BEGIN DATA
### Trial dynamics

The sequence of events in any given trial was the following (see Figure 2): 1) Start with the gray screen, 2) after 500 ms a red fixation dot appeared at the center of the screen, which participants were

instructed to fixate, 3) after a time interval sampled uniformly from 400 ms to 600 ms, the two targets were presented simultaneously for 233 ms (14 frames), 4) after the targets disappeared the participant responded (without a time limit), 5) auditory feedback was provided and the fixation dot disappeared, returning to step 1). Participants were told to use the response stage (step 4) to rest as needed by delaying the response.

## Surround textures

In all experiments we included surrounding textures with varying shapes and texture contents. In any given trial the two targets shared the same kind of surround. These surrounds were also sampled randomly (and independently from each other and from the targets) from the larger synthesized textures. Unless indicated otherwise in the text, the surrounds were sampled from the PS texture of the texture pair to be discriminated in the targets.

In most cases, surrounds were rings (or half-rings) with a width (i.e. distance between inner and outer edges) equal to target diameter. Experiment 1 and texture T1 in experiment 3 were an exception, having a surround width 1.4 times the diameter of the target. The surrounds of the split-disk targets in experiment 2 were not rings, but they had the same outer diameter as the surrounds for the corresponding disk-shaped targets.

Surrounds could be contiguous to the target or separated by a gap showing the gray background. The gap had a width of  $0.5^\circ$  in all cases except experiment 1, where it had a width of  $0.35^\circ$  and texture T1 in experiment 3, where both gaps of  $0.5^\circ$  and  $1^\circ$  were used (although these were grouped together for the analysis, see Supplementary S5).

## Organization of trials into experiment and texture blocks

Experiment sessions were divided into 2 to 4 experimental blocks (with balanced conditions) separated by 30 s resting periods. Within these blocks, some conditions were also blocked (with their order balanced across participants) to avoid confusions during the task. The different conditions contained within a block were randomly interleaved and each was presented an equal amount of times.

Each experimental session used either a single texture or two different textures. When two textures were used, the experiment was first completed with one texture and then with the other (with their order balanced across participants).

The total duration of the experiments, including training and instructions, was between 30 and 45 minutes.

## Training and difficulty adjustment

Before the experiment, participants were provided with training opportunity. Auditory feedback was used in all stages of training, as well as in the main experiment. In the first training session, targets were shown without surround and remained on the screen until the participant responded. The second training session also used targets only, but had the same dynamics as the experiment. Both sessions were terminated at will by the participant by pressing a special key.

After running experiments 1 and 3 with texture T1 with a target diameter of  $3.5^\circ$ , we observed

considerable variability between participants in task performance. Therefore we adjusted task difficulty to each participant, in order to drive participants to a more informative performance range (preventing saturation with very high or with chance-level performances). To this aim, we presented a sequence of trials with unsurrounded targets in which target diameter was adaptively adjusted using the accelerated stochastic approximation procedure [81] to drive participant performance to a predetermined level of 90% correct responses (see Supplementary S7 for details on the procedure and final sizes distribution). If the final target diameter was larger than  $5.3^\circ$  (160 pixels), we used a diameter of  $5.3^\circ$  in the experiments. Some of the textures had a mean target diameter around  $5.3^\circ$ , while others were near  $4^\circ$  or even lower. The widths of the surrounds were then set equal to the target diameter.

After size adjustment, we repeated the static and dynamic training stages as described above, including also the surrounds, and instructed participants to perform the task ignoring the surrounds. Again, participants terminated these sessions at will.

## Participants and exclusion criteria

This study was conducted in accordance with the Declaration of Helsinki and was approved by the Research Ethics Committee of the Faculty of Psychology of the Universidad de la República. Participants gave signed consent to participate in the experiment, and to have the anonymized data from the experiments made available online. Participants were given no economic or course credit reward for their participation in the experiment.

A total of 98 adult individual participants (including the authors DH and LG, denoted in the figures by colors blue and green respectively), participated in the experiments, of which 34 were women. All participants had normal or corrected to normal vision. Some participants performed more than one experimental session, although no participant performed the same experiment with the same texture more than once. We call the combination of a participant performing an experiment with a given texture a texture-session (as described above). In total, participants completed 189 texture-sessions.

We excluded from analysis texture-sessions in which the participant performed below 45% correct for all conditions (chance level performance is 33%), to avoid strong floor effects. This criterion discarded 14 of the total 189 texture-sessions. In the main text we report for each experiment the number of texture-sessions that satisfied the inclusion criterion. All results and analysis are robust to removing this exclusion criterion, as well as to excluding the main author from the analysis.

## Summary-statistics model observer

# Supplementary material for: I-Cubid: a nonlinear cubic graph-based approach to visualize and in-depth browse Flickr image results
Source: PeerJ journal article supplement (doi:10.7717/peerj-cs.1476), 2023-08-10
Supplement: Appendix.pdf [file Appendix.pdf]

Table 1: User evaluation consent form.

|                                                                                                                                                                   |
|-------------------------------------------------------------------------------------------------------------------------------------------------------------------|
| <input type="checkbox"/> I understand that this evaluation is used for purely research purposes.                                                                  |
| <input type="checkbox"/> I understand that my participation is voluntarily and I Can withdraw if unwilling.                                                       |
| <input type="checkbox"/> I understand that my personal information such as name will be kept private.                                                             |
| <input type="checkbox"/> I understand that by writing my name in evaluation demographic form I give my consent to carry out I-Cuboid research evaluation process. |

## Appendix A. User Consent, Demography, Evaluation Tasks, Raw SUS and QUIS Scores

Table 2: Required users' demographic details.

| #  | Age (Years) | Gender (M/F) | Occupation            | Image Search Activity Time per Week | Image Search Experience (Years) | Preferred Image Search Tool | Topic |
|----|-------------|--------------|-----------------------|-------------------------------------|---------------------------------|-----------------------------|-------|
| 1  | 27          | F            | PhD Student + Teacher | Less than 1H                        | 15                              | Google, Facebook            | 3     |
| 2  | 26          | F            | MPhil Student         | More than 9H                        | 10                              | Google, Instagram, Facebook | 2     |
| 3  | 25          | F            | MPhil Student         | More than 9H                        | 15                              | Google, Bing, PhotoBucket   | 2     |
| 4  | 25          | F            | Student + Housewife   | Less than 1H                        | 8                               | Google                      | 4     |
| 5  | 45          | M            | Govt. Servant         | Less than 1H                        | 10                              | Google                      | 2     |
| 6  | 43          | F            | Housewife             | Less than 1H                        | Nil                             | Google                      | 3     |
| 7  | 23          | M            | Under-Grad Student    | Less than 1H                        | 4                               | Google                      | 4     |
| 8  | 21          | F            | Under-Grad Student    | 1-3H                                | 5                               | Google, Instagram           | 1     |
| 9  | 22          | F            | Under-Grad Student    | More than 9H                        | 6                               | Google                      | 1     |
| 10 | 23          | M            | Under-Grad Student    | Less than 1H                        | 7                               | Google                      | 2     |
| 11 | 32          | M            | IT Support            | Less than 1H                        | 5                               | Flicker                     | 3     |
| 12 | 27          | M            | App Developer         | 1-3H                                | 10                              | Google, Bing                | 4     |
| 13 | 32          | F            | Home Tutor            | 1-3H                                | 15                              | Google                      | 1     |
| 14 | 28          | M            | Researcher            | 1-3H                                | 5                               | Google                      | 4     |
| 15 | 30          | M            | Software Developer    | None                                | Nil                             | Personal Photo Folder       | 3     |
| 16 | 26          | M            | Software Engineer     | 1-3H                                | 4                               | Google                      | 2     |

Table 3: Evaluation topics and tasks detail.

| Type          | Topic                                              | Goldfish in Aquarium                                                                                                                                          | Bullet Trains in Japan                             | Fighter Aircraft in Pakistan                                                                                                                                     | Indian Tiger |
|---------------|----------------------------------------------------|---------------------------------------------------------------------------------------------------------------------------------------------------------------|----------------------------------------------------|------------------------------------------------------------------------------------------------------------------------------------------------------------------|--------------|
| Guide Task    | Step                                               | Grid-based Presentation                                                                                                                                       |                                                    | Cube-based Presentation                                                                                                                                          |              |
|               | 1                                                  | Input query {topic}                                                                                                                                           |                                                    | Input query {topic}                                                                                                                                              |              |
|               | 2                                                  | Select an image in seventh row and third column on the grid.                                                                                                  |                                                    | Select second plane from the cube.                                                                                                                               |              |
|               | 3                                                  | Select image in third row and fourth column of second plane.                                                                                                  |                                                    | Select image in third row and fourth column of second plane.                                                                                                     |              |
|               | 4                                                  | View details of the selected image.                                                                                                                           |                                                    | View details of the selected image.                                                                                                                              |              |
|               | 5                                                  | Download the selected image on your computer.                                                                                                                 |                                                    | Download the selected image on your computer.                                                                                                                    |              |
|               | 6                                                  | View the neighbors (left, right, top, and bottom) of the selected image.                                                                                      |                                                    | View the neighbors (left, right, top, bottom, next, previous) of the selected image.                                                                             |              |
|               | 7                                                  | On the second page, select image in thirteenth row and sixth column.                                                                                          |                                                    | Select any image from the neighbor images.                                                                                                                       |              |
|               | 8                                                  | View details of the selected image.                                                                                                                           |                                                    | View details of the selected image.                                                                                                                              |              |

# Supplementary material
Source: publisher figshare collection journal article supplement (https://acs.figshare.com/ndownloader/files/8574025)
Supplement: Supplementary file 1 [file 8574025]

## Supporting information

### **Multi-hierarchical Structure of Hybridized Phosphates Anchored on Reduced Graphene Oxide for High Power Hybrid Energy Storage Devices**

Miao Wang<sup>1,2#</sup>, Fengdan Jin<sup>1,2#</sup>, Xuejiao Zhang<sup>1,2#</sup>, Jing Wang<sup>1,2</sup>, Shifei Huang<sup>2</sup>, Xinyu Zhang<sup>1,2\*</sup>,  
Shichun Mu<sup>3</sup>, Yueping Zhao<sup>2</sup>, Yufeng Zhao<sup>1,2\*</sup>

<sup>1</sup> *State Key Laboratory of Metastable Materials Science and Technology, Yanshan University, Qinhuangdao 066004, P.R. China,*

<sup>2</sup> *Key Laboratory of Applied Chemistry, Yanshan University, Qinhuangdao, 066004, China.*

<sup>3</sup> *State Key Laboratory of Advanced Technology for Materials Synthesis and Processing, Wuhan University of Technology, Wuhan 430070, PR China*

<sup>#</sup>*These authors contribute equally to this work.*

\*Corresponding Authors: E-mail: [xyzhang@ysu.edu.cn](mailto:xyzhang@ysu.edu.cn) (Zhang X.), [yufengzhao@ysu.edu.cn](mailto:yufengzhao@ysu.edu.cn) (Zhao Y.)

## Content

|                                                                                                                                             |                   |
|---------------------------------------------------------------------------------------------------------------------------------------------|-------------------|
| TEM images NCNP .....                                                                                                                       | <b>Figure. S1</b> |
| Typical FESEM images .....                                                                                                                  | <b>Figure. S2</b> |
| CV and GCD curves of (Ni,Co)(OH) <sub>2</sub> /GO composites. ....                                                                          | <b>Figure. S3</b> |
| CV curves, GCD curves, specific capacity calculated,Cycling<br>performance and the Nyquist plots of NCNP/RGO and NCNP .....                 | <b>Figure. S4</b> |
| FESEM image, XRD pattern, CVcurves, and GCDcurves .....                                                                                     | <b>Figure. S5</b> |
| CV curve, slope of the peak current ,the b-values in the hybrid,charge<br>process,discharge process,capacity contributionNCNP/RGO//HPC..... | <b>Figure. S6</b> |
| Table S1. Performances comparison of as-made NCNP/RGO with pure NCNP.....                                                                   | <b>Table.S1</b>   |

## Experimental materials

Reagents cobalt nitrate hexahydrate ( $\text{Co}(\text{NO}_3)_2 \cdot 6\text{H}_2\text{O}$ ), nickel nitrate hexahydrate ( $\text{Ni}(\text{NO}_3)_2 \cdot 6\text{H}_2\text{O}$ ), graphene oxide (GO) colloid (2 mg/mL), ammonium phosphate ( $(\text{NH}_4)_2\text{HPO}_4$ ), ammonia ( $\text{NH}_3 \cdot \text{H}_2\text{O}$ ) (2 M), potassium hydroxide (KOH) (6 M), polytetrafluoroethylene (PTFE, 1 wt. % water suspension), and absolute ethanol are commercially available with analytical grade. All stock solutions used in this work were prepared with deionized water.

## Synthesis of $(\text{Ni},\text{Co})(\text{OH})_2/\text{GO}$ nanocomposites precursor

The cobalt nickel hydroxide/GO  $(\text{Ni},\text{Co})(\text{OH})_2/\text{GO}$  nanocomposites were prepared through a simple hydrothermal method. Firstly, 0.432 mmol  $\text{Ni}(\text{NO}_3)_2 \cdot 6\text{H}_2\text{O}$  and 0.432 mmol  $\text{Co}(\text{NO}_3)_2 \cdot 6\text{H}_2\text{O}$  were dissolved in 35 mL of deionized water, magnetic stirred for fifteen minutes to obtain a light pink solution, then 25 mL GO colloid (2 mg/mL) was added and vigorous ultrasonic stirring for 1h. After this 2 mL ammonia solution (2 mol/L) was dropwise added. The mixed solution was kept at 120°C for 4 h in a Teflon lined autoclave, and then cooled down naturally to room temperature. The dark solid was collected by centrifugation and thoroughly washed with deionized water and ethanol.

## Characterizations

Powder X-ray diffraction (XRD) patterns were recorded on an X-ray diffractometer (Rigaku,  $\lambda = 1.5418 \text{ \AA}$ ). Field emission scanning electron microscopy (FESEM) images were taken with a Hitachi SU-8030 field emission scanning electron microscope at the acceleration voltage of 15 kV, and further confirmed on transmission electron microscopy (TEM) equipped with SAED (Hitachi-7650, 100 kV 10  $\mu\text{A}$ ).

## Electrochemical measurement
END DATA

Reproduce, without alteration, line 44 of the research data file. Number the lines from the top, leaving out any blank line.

| 9  | 22          | F            | Under-Grad Student    | More than 9H                        | 6                               | Google                      | 1     |